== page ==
@target = watermarked
          end
        end

      end
    end
  end
end

Funky Effects

We can also use cool and funky effects used in applications like Photobooth, here’s an example using the edge colouring algorithm:

Edges

Core Fragment

module RedArtisan
  module CoreImage
    module Filters
      module Effects

        def edges(intensity = 1.00)
          create_core_image_context(@original.extent.size.width, @original.extent.size.height)

          @original.edges :inputIntensity => intensity do |edged|
            @target = edged
          end
        end

      end
    end
  end
end

The sign artwork works particularly well with this algorithm.

Core Image Processor

All of the code above is also available as a usable image processor via git.

Some examples of using the processor:

require 'red_artisan/core_image/processor'

# generate some test output images for various effects

processor = RedArtisan::CoreImage::Processor.new('berlin.jpg')

grey = processor.greyscale
grey.save 'results/berlin-grey.jpg'

sepia = processor.sepia
sepia.save 'results/berlin-sepia.jpg'

watermarked = processor.watermark('watermark_image.png')
watermarked.save 'results/berlin-watermarked.jpg'

watermarked = processor.watermark('watermark_image.png', true)
watermarked.save 'results/berlin-watermarked-tiled.jpg'

noise_reduced = processor.reduce_noise
noise_reduced.save 'results/berlin-noise-reduced.jpg'

exposure_adjusted = processor.adjust_exposure
exposure_adjusted.save 'results/berlin-exposure-adjusted-half-stop.jpg'

exposure_adjusted = processor.adjust_exposure(2.0)
exposure_adjusted.save 'results/berlin-exposure-adjusted-two-stops.jpg'

edge = processor.edges
edge.save 'results/berlin-edge.jpg'

Summary

The above shows us only a fraction of what can be done with the 100+ filters Core Image provides by default. There’s many other filters that let you create all sorts of effects with single and multiple images combined. Enjoy!

Core Image Performance

posted by crafterm, 16 December 2007

Following my previous post, a few people have asked me how well Core Image performs in comparison to RMagick and ImageScience when used as part of Attachment Fu. To answer these questions, I’ve spent a bit of time collecting some performance results.

Please note that as with all performance testing, results will vary according to many parameters such as hardware, processing power, and even the input image content itself, as you’ll see below.

Naturally Core Image should be faster since it will run hardware accelerated on my MacBook Pro, so please take these results more as an indication of library characteristics rather than final timings. The tests I performed also mirrored how each library was being invoked by Attachment Fu, and beyond performance there’s also several other tangible benefits to Core Image such as deployment and access via RubyCocoa to keep in mind as well.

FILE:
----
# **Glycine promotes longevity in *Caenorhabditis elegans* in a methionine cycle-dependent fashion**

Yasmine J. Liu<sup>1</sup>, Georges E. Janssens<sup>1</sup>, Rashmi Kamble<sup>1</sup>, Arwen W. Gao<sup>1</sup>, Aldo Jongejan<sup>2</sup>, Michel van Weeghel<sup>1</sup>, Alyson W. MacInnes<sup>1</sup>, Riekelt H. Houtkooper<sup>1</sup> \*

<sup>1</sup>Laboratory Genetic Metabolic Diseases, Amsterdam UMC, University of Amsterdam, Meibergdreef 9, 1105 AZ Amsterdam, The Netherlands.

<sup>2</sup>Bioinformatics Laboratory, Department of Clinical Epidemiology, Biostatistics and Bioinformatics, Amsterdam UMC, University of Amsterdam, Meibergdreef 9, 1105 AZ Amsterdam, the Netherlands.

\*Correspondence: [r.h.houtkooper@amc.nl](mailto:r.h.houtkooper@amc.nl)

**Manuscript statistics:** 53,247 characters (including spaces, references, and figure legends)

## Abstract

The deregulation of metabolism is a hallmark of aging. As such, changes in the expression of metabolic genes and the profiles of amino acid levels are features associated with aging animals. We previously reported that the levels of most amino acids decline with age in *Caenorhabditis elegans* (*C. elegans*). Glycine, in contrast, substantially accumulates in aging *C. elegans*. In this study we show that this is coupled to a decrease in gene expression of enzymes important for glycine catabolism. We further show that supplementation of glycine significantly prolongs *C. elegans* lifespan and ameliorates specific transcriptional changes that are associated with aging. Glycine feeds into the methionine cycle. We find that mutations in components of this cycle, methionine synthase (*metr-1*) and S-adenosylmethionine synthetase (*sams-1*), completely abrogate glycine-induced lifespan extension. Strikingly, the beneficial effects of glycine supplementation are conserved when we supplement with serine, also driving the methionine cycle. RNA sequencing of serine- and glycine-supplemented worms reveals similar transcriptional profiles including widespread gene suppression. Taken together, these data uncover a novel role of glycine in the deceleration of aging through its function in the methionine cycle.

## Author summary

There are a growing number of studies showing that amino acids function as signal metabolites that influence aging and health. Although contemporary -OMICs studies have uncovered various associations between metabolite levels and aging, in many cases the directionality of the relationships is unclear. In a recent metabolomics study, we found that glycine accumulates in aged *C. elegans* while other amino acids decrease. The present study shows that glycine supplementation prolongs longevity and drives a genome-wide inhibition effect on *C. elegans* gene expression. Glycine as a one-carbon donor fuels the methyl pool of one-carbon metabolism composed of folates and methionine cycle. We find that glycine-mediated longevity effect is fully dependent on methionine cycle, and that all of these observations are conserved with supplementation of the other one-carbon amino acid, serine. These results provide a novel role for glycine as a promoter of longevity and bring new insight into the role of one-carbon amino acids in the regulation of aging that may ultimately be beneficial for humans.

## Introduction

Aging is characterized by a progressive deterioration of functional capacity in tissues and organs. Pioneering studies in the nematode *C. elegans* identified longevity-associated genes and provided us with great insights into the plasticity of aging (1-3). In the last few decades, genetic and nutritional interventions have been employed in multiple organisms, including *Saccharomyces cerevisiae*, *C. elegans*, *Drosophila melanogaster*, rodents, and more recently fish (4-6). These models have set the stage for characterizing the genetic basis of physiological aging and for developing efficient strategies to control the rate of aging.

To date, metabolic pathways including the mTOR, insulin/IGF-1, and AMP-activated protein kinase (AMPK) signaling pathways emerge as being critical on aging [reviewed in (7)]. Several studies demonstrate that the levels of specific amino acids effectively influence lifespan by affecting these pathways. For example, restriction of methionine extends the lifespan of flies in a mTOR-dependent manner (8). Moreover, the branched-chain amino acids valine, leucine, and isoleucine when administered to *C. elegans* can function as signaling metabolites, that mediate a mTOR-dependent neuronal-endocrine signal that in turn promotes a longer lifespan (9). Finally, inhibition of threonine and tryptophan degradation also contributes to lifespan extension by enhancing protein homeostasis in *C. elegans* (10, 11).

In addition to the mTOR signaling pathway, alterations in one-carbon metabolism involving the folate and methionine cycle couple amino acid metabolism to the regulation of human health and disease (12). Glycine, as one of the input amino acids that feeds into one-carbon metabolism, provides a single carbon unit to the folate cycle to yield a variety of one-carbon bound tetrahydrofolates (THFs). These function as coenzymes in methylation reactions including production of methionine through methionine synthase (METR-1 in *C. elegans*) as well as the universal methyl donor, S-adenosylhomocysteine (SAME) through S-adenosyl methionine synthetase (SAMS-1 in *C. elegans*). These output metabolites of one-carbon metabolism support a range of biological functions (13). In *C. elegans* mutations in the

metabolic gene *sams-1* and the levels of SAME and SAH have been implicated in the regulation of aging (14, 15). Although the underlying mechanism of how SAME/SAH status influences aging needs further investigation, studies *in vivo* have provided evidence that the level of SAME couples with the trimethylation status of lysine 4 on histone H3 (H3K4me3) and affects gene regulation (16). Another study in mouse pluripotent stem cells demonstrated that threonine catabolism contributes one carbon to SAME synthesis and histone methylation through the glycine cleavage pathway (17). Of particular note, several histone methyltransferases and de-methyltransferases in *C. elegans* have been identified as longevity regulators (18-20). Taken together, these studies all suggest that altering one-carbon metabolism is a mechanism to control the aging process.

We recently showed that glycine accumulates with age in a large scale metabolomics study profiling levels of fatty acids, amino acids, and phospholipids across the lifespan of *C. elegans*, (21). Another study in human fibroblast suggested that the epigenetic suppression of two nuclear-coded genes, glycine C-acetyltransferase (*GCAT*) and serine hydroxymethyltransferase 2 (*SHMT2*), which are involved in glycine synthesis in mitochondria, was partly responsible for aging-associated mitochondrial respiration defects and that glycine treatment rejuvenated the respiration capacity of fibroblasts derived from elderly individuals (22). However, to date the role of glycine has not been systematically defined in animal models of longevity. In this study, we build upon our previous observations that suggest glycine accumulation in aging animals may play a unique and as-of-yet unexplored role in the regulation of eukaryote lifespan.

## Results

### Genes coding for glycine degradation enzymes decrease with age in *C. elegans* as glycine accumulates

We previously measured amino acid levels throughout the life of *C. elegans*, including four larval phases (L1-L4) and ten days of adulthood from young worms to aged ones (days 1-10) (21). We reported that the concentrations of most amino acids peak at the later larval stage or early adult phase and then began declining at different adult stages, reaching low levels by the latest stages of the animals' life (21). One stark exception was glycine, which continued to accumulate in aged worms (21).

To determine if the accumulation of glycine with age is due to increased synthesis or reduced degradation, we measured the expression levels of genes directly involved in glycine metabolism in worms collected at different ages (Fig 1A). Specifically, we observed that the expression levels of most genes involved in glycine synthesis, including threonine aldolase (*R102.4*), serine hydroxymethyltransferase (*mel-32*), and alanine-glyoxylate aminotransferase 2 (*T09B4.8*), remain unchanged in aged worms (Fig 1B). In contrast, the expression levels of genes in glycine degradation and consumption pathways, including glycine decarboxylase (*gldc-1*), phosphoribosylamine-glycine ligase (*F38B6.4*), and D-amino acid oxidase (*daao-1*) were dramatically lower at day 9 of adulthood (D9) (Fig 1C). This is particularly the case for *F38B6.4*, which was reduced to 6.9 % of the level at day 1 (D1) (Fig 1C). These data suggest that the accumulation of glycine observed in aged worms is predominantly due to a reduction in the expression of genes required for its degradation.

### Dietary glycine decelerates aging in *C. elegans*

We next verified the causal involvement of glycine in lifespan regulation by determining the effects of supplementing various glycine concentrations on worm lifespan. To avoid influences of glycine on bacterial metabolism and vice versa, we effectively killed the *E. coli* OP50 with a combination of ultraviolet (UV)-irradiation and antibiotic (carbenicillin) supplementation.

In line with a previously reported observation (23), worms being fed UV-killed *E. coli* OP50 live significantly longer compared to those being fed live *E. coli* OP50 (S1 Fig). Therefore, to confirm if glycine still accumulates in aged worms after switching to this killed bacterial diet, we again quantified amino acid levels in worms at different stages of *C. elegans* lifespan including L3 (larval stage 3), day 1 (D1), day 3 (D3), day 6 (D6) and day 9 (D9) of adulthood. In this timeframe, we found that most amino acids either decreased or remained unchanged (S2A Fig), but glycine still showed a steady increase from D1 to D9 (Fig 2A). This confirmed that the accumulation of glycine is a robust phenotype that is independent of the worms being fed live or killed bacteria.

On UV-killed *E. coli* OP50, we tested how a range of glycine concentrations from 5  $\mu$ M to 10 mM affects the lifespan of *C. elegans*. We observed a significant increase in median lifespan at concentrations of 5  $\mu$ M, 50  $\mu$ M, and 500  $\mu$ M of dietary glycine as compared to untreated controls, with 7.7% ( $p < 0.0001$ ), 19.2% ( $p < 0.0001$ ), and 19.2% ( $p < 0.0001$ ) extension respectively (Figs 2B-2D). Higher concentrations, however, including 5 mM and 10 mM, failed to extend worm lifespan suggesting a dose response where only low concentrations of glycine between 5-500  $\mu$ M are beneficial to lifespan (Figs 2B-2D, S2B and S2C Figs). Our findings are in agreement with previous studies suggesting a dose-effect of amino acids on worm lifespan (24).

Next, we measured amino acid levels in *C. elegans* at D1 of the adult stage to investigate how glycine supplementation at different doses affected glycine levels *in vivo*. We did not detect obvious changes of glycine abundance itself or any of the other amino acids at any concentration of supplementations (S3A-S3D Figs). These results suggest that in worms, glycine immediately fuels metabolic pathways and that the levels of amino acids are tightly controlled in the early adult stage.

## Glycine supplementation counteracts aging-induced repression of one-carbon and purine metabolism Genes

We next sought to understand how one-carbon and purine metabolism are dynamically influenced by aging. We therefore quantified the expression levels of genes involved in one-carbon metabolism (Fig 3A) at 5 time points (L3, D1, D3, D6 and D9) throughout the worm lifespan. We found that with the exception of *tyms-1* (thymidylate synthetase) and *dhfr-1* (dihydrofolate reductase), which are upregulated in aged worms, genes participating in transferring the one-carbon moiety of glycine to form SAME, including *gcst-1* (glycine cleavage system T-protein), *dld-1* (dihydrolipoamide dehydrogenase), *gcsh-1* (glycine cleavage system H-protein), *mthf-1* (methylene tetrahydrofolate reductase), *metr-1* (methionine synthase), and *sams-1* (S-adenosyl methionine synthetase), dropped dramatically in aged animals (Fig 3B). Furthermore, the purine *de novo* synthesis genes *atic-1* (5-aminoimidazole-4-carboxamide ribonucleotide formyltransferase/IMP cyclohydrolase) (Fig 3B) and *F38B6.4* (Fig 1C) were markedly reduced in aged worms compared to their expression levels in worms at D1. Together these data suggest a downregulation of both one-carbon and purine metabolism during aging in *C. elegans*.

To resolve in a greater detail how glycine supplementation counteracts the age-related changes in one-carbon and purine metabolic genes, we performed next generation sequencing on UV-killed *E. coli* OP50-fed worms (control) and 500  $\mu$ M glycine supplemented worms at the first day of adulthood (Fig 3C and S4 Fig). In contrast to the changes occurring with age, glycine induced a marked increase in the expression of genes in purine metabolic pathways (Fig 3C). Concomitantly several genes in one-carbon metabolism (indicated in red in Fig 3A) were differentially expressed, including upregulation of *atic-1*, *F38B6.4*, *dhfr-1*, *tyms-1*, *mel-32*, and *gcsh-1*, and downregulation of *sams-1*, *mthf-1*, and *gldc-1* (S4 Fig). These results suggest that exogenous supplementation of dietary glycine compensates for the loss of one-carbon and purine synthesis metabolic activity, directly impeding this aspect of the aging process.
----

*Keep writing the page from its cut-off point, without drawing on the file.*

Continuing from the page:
The first test performs 5 successive resizes of a 1mb image under each library. The input image is a complex photo (smaller version above) taken in Berlin of parts of the Berlin Wall, including a high colour range and lots of shapes and sizes:

Both RMagick and ImageScience yield consistent results as expected. Core Image’s resize values are interesting as successive resizes are twice as fast than the first, which I speculate would include an initial Core Image to OpenGL compilation phase of the resize operation being performed.

Similar characteristics can be observed with a slightly larger image size of around 2.5mb:

In both cases, Core Image performs really well, particularly on consecutive runs.

The actual image content being resized also affects results as well – the following test uses a blank image of identical dimensions to the 2.5mb Berlin image:

Finally, the following graph shows the results of resizing 6 versions of the Berlin image with each library, at increasing size & dimensions. The results plotted for each measurement are calculated over the average of 5 resizes of each image.

At small image sizes, we can see the difference in resize time to be essentially negligible, however as image size increase up to 500kb, the hardware acceleration of Core Image starts to shine, particularly around the 2.5mb – 5mb range and beyond.

There does seem to be a limit to performance gains, on Friday Ben and I also made a few experiments with really large image sizes (TIFF files around 90mb), and noticed that Core Image can be slower than Image Science under these conditions:

At this stage I can only speculate as to why this occurs, and it deserves further inspection.

Another interesting aspect to look at is the actual on disk size of the resized images. The following is a directory listing of the results after the 2.5mb image (2200x1467 resize to 640x480):

-rw-r--r--  1 crafterm  staff  153492 16 Dec 22:30 core_image-complex_resized.jpg
-rw-r--r--  1 crafterm  staff  288455 16 Dec 22:30 image_science-complex_resized.jpg
-rw-r--r--  1 crafterm  staff  356827 16 Dec 22:30 rmagick-complex_resized.jpg

Core Image’s default compression range is quite impressive, and while I’m sure the other libraries compression factors can be fine tuned I suspect it would also affect their relative performance measurements.

All measurements shown in the graphs are in seconds, and the test machine was my MacBook Pro, 15" Intel Core 2 Duo, 2.16 Ghz with an ATI Radeon X1600 video card with 128mb vram. I’d certainly be keen to see how other types of hardware perform, so please feel free to run the test code on your system and send me the resultant graphs, and I’ll add them to the project.

All test code and input images (except for the 90mb example) are available in a git repository online.